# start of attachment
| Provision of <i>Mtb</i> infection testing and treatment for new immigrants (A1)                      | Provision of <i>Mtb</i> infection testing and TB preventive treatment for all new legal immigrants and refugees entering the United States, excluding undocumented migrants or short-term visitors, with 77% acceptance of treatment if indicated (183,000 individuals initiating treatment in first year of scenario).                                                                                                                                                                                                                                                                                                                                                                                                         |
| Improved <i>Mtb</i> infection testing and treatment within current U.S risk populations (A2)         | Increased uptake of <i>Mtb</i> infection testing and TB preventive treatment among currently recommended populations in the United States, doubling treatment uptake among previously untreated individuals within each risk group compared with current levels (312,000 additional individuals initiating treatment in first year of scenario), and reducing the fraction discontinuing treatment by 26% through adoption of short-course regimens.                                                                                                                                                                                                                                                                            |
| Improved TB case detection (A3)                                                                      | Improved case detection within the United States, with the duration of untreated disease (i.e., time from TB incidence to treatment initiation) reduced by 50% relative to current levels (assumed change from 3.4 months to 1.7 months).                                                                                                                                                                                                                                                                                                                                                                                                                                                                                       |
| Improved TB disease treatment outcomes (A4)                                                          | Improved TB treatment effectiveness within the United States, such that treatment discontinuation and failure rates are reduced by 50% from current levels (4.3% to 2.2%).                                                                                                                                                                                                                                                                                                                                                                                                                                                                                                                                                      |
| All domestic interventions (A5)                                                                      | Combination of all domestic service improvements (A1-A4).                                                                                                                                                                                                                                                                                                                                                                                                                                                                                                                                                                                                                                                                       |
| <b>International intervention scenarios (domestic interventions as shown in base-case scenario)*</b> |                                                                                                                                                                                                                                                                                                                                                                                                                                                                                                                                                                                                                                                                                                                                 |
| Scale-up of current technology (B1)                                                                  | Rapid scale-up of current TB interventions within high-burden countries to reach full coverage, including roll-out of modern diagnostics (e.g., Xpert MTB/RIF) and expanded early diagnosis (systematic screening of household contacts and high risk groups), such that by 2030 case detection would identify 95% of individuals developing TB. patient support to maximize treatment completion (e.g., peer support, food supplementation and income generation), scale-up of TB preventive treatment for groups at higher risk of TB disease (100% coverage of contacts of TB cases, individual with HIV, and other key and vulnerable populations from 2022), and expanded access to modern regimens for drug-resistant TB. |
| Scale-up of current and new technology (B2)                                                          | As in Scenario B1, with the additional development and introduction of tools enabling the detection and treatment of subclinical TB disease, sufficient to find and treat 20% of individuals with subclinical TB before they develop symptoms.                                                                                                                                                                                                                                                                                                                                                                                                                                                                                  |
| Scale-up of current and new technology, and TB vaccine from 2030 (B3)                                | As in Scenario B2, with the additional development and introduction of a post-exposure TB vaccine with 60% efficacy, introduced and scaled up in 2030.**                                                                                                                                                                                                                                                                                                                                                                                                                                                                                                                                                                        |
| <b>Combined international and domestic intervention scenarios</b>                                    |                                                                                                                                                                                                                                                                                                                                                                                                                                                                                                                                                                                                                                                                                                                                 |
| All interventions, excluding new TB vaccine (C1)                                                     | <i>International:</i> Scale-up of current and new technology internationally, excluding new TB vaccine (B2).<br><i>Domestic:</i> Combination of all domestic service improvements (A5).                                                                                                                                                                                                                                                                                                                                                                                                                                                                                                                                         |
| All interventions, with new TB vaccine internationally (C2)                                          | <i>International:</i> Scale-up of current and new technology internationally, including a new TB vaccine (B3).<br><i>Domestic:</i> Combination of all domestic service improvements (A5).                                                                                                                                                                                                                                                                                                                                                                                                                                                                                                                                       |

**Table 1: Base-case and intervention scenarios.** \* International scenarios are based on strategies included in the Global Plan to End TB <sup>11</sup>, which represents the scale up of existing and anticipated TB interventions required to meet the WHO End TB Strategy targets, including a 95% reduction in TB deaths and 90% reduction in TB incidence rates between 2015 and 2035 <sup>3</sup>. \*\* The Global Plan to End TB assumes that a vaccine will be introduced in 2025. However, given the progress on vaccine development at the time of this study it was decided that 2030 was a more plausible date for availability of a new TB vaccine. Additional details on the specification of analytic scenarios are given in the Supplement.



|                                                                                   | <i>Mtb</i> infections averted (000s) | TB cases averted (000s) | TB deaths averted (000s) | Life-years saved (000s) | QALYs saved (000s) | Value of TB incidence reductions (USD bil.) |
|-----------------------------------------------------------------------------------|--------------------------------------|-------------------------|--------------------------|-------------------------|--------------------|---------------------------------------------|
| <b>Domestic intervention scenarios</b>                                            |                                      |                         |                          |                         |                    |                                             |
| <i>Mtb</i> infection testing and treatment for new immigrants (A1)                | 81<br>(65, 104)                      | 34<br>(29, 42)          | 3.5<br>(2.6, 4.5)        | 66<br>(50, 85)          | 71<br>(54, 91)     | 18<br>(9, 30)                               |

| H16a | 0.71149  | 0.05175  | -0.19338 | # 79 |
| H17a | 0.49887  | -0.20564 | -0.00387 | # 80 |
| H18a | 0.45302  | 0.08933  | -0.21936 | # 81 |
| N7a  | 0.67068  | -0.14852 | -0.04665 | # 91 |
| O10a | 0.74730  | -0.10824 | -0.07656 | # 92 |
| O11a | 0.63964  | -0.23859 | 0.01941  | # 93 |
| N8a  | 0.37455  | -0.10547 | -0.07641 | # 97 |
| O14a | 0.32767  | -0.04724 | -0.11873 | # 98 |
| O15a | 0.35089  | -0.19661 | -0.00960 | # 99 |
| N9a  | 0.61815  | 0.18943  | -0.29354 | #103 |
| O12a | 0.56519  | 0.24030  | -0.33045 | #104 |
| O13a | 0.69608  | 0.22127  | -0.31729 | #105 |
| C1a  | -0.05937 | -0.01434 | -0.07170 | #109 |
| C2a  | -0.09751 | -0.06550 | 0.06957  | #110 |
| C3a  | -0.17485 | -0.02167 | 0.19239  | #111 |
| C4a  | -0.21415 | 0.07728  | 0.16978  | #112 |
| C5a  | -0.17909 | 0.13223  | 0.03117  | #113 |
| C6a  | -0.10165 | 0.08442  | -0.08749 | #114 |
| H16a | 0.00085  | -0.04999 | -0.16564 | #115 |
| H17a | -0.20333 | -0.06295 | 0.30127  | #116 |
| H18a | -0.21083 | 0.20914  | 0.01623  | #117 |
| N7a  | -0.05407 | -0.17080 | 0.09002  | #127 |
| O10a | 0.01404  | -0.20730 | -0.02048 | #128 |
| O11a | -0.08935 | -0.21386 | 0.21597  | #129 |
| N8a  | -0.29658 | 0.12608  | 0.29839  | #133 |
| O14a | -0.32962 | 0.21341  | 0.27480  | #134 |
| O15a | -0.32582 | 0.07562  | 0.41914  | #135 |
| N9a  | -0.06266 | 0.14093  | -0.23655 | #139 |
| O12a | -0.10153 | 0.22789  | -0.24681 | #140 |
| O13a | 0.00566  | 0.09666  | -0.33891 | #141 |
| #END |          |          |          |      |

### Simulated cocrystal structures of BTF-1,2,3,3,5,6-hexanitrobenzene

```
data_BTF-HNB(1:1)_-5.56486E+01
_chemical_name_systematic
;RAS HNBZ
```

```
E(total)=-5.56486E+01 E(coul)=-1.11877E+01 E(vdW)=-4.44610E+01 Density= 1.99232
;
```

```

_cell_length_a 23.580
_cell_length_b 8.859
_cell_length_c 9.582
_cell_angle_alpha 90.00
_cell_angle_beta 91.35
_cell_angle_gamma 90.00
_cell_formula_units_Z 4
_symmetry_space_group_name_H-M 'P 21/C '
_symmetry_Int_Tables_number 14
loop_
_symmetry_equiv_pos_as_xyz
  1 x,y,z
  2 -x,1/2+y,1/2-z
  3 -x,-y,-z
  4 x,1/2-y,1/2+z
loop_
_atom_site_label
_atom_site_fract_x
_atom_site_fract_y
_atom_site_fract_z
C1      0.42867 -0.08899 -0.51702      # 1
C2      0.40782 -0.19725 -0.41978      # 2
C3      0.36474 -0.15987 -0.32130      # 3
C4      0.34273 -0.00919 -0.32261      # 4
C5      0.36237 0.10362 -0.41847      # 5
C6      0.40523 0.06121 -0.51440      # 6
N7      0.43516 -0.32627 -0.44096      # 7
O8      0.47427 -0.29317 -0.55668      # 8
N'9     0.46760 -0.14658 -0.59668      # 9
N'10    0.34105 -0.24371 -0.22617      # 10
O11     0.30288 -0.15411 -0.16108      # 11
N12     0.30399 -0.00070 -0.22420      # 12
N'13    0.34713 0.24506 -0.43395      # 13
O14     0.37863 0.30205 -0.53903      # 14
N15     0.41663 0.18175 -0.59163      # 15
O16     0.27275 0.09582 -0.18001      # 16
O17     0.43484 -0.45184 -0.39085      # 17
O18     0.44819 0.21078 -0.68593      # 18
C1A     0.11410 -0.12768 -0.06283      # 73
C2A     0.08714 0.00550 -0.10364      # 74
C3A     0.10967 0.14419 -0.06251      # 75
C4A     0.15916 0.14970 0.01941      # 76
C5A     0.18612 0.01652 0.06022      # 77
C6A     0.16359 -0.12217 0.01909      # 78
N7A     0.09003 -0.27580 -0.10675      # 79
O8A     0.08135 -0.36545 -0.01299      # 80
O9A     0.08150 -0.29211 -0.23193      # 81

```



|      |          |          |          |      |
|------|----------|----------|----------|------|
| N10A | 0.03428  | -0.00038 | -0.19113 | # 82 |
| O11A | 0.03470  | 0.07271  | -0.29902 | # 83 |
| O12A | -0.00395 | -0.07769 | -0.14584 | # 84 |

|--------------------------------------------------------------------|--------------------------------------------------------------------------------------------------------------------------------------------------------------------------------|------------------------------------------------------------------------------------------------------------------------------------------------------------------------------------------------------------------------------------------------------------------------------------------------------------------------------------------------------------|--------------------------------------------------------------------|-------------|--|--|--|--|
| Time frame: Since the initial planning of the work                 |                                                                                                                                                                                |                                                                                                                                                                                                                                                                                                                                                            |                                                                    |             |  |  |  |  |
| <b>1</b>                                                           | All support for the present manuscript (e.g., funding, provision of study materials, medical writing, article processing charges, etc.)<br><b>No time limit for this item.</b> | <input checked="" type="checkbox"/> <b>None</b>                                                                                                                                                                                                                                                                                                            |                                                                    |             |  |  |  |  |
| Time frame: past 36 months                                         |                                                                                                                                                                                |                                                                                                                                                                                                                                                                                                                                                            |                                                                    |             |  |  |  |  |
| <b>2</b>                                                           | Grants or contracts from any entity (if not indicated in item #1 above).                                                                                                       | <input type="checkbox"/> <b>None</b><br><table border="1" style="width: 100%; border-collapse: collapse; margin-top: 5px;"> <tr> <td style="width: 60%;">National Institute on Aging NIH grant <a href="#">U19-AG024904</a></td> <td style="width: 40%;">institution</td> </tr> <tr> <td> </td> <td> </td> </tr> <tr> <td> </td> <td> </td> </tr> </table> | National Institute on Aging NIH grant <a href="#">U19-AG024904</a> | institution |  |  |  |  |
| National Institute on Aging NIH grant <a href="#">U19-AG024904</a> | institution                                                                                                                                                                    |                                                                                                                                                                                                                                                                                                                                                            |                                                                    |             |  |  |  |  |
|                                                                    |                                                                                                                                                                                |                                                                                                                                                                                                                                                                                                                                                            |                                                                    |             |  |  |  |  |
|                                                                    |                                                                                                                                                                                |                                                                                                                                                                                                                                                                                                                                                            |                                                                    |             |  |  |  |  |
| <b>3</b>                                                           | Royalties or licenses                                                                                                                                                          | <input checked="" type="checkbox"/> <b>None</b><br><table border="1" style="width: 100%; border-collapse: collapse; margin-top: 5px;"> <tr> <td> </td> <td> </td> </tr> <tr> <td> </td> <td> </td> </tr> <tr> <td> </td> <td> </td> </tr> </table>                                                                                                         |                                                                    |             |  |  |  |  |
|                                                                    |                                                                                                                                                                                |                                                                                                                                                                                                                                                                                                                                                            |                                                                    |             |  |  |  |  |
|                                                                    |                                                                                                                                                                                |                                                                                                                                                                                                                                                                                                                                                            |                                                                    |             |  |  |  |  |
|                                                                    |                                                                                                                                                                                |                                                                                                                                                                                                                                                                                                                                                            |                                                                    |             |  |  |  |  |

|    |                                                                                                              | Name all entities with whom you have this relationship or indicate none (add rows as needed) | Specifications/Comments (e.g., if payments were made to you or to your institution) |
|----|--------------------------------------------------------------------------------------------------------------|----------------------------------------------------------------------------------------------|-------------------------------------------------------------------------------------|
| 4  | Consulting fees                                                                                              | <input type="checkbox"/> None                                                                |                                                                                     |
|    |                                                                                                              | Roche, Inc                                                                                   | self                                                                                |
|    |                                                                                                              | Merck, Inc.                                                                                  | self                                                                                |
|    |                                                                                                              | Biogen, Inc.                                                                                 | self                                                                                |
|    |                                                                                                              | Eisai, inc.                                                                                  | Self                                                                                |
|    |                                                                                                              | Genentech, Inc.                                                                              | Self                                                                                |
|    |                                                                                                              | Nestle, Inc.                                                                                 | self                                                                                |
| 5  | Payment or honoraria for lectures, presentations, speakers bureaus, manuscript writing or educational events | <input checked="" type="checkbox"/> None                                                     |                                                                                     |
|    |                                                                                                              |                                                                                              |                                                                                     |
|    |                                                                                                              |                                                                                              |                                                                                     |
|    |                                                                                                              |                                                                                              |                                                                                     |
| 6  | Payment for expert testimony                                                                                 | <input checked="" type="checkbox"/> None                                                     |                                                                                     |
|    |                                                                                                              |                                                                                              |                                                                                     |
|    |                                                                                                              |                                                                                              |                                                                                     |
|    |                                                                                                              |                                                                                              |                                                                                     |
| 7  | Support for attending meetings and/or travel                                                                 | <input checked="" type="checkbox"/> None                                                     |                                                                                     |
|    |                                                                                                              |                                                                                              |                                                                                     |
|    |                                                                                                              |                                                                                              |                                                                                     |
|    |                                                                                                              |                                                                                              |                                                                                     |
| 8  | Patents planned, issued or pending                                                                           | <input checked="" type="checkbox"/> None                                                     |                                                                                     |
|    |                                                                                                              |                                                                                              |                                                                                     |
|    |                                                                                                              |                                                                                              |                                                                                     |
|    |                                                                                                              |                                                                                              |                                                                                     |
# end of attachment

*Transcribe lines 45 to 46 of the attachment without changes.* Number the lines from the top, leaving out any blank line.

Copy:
| N9a  | -0.06266 | 0.14093  | -0.23655 | #139 |
| O12a | -0.10153 | 0.22789  | -0.24681 | #140 |